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School district: Spy Webcams activated 42 times

The Lower Merion School District, accused of spying on students at home via laptop Webcams, admits that it activated them 42 times in a 14-month period.

When one hears the word "spy," one normally thinks of places like Moscow, London, and Washington rather than Rosemont, Pa. However, the controversy swirling around Rosemont's Harriton High School and the Lower Merion School District increasingly makes for bizarre reading. And even more bizarre thinking.

The school district has been accused of remote-controlled Webcam spying on its students. The student at the center of the allegations, Blake Robbins, claims the school, having produced a still photograph taken remotely by a school official, falsely accused him of selling drugs (I have embedded the video of CBS News interview with Robbins and his family).

One fact, though, has emerged that seems mystifying in the extreme.

Watch CBS News Videos Online

According to the Washington Post, the school district has admitted activating students' laptop Webcams 42 times over a 14-month period. The district claims each activation was merely an attempt to locate a stolen or missing laptop.

However, district spokesman Doug Young told the Post that the documentation signed by students when they received the laptops did not make it clear the Webcams could be activated remotely.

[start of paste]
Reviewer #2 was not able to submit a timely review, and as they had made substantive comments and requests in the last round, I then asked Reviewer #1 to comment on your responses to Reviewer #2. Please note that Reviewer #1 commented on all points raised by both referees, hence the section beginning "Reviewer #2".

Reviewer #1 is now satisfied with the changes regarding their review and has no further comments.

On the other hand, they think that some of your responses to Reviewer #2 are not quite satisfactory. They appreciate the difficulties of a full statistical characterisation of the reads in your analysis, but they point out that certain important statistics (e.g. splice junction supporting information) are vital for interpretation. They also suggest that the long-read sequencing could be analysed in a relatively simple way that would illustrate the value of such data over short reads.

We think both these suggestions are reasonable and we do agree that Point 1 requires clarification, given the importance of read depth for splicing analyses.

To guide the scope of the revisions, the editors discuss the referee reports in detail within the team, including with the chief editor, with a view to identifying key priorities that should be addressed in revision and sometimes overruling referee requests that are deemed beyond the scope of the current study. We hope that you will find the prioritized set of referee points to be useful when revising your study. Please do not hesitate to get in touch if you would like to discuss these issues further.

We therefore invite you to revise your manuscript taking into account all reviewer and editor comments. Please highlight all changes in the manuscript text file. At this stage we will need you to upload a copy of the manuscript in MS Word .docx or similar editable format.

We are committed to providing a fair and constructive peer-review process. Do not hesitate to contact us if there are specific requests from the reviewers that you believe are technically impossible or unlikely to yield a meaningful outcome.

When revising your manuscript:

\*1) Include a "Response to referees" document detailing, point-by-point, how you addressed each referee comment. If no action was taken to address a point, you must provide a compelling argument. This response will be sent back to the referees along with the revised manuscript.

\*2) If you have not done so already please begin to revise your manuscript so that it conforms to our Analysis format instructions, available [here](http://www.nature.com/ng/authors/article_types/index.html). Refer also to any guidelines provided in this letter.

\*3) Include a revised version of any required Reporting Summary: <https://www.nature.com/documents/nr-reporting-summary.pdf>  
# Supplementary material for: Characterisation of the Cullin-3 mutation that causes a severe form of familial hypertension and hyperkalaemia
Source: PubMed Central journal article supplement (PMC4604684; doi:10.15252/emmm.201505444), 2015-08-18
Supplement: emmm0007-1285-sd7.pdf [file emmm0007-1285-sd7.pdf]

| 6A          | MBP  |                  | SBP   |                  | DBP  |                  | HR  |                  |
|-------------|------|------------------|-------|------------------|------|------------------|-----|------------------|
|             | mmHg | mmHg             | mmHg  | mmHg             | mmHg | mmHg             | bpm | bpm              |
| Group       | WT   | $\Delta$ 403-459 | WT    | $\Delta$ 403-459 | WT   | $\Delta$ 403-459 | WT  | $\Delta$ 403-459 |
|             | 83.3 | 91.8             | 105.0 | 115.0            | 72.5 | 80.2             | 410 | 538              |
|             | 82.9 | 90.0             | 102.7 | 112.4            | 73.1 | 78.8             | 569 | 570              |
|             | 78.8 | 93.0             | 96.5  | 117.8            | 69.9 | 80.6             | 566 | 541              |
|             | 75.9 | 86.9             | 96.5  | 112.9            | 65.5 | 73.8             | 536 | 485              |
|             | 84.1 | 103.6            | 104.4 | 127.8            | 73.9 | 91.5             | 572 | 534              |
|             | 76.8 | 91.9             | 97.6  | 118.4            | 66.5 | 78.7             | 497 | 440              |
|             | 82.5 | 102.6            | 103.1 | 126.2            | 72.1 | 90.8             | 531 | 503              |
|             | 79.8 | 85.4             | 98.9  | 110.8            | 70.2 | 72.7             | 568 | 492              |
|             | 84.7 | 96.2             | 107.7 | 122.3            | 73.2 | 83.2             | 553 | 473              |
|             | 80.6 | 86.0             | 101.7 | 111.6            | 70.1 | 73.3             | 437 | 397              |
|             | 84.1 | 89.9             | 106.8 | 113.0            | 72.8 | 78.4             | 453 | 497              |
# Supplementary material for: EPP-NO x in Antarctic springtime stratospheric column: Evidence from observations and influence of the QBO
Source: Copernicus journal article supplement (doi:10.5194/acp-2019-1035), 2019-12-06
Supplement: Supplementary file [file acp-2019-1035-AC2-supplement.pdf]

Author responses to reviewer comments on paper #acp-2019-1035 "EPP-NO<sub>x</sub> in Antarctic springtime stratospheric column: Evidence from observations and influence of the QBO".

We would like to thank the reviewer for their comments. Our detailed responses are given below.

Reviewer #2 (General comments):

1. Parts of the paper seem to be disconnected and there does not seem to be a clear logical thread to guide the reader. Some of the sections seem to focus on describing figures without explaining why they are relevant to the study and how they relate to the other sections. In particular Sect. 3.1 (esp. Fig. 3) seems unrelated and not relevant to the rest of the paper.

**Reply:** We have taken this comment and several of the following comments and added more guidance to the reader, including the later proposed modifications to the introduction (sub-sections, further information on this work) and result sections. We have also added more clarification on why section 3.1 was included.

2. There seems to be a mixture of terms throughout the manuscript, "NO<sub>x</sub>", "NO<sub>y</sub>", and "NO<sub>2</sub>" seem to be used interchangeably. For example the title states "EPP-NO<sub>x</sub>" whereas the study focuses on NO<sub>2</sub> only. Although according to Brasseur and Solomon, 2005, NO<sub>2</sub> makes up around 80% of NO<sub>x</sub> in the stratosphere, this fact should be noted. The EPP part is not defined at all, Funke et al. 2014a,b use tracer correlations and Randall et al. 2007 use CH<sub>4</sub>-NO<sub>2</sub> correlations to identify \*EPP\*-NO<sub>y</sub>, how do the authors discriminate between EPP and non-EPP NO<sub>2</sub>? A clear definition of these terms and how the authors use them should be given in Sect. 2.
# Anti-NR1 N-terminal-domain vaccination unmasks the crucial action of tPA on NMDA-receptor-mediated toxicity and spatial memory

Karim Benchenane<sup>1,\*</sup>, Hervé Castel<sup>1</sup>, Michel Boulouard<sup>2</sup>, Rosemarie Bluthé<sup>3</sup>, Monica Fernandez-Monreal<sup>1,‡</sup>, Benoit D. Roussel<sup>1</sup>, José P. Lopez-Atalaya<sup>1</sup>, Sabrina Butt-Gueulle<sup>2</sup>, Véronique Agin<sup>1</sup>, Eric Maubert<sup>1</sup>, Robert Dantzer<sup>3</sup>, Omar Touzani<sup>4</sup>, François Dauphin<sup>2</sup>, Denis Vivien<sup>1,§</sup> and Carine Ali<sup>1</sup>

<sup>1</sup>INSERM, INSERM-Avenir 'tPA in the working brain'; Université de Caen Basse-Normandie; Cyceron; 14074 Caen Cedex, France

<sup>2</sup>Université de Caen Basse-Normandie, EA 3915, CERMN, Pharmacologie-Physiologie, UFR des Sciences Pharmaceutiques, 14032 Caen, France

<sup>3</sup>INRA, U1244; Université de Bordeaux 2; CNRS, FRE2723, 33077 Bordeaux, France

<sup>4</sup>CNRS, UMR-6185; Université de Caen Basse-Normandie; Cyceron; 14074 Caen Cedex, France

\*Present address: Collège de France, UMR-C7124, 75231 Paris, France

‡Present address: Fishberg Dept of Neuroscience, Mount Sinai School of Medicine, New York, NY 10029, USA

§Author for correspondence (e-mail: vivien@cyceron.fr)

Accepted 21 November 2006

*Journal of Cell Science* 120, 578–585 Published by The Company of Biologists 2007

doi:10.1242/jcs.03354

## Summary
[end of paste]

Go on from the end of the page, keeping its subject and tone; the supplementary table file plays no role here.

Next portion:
"It's clear what was in place was insufficient, and that's unacceptable," he said.

While the school scrambles to defend itself against accusations of violating the Fourth Amendment, as well as transgressing the Electronic Communication Privacy Act, the Computer Fraud Abuse Act, the Stored Communications Act, Section 1983 of the Civil Rights Act, the Pennsylvania Wiretapping and Electronic Surveillance Act, and Pennsylvania common law, it becomes increasingly difficult to see how it will defend its actions.

It's one thing to attempt to install security procedures to protect against the loss of a laptop. It's quite another when those procedures appear to have been enacted without the knowledge of students or parents and leave the school open not only to all of the charges already leveled in the Robbins' lawsuit, but also--as in the case of a student who leaves her laptop open in the shower to listen to music--to charges of child pornography.